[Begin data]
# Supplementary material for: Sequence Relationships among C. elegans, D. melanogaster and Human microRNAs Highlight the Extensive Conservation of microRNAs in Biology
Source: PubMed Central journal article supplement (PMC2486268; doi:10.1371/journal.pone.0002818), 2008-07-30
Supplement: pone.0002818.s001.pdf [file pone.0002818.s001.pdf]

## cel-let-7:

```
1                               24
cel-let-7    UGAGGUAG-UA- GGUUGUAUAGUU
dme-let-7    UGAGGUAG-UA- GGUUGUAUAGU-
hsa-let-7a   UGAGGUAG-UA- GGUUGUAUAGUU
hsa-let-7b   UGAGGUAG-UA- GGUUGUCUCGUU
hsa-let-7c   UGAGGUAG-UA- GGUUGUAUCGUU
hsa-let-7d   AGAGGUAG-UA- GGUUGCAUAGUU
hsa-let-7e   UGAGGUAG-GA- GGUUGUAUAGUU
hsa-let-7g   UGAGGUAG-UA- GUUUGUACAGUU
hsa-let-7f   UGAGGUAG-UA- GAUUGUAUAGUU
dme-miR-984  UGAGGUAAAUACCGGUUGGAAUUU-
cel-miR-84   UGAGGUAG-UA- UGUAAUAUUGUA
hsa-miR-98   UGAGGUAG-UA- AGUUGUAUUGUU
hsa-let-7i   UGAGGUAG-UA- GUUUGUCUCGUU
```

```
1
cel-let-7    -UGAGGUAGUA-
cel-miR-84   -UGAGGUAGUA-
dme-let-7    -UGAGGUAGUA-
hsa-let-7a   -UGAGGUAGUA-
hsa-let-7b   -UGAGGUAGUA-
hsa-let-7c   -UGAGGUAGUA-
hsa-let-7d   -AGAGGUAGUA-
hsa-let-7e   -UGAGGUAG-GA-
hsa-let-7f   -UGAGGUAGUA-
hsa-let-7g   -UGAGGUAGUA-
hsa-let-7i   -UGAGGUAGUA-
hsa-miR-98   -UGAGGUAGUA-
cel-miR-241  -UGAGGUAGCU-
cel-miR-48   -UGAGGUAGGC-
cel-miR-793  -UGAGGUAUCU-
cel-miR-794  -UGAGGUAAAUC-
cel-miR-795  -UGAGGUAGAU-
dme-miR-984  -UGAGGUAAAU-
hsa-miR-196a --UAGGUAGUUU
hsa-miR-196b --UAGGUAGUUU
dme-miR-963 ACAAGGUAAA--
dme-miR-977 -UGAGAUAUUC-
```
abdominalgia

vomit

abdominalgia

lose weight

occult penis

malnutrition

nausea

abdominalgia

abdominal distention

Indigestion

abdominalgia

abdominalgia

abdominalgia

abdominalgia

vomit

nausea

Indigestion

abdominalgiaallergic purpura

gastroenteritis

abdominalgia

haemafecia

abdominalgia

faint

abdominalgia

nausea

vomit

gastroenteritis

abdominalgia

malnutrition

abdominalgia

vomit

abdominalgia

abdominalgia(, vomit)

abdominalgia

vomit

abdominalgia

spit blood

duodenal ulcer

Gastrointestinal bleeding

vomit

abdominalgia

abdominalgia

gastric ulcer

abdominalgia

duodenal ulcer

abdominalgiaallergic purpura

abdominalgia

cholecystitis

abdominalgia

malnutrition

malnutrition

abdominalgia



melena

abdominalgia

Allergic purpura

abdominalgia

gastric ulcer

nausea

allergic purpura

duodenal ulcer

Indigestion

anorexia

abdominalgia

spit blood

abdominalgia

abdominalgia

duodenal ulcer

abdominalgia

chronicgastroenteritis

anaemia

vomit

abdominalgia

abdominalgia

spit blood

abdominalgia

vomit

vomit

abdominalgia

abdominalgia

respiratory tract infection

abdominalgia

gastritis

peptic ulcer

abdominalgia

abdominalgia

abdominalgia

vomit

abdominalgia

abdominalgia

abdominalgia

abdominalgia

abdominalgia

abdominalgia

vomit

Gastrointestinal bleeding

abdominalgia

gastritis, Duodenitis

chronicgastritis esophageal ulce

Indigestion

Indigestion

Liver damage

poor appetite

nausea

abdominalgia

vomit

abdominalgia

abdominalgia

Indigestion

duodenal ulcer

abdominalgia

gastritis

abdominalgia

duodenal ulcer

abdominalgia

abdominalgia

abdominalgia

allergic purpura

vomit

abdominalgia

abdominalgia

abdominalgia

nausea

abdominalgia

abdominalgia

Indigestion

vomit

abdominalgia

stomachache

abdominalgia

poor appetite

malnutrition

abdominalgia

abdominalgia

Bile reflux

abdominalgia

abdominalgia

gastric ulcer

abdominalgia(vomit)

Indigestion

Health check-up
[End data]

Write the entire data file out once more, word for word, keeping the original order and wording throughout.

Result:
# Supplementary material for: Sequence Relationships among C. elegans, D. melanogaster and Human microRNAs Highlight the Extensive Conservation of microRNAs in Biology
Source: PubMed Central journal article supplement (PMC2486268; doi:10.1371/journal.pone.0002818), 2008-07-30
Supplement: pone.0002818.s001.pdf [file pone.0002818.s001.pdf]

## cel-let-7:

```
1                               24
cel-let-7    UGAGGUAG-UA- GGUUGUAUAGUU
dme-let-7    UGAGGUAG-UA- GGUUGUAUAGU-
hsa-let-7a   UGAGGUAG-UA- GGUUGUAUAGUU
hsa-let-7b   UGAGGUAG-UA- GGUUGUCUCGUU
hsa-let-7c   UGAGGUAG-UA- GGUUGUAUCGUU
hsa-let-7d   AGAGGUAG-UA- GGUUGCAUAGUU
hsa-let-7e   UGAGGUAG-GA- GGUUGUAUAGUU
hsa-let-7g   UGAGGUAG-UA- GUUUGUACAGUU
hsa-let-7f   UGAGGUAG-UA- GAUUGUAUAGUU
dme-miR-984  UGAGGUAAAUACCGGUUGGAAUUU-
cel-miR-84   UGAGGUAG-UA- UGUAAUAUUGUA
hsa-miR-98   UGAGGUAG-UA- AGUUGUAUUGUU
hsa-let-7i   UGAGGUAG-UA- GUUUGUCUCGUU
```

```
1
cel-let-7    -UGAGGUAGUA-
cel-miR-84   -UGAGGUAGUA-
dme-let-7    -UGAGGUAGUA-
hsa-let-7a   -UGAGGUAGUA-
hsa-let-7b   -UGAGGUAGUA-
hsa-let-7c   -UGAGGUAGUA-
hsa-let-7d   -AGAGGUAGUA-
hsa-let-7e   -UGAGGUAG-GA-
hsa-let-7f   -UGAGGUAGUA-
hsa-let-7g   -UGAGGUAGUA-
hsa-let-7i   -UGAGGUAGUA-
hsa-miR-98   -UGAGGUAGUA-
cel-miR-241  -UGAGGUAGCU-
cel-miR-48   -UGAGGUAGGC-
cel-miR-793  -UGAGGUAUCU-
cel-miR-794  -UGAGGUAAAUC-
cel-miR-795  -UGAGGUAGAU-
dme-miR-984  -UGAGGUAAAU-
hsa-miR-196a --UAGGUAGUUU
hsa-miR-196b --UAGGUAGUUU
dme-miR-963 ACAAGGUAAA--
dme-miR-977 -UGAGAUAUUC-
```
abdominalgia

vomit

abdominalgia

lose weight

occult penis

malnutrition

nausea

abdominalgia

abdominal distention

Indigestion

abdominalgia

abdominalgia

abdominalgia

abdominalgia

vomit

nausea

Indigestion

abdominalgiaallergic purpura

gastroenteritis

abdominalgia

haemafecia

abdominalgia

faint

abdominalgia

nausea

vomit

gastroenteritis

abdominalgia

malnutrition

abdominalgia

vomit

abdominalgia

abdominalgia(, vomit)

abdominalgia

vomit

abdominalgia

spit blood

duodenal ulcer

Gastrointestinal bleeding

vomit

abdominalgia

abdominalgia

gastric ulcer

abdominalgia

duodenal ulcer

abdominalgiaallergic purpura

abdominalgia

cholecystitis

abdominalgia

malnutrition

malnutrition

abdominalgia



melena

abdominalgia

Allergic purpura

abdominalgia

gastric ulcer

nausea

allergic purpura

duodenal ulcer

Indigestion

anorexia

abdominalgia

spit blood

abdominalgia

abdominalgia

duodenal ulcer

abdominalgia

chronicgastroenteritis

anaemia

vomit

abdominalgia

abdominalgia

spit blood

abdominalgia

vomit

vomit

abdominalgia

abdominalgia

respiratory tract infection

abdominalgia

gastritis

peptic ulcer

abdominalgia

abdominalgia

abdominalgia

vomit

abdominalgia

abdominalgia

abdominalgia

abdominalgia

abdominalgia

abdominalgia

vomit

Gastrointestinal bleeding

abdominalgia

gastritis, Duodenitis

chronicgastritis esophageal ulce

Indigestion

Indigestion

Liver damage

poor appetite

nausea

abdominalgia

vomit

abdominalgia

abdominalgia

Indigestion

duodenal ulcer

abdominalgia

gastritis

abdominalgia

duodenal ulcer

abdominalgia

abdominalgia

abdominalgia

allergic purpura

vomit

abdominalgia

abdominalgia

abdominalgia

nausea

abdominalgia

abdominalgia

Indigestion

vomit

abdominalgia

stomachache

abdominalgia

poor appetite

malnutrition

abdominalgia

abdominalgia

Bile reflux

abdominalgia

abdominalgia

gastric ulcer

abdominalgia(vomit)

Indigestion

Health check-up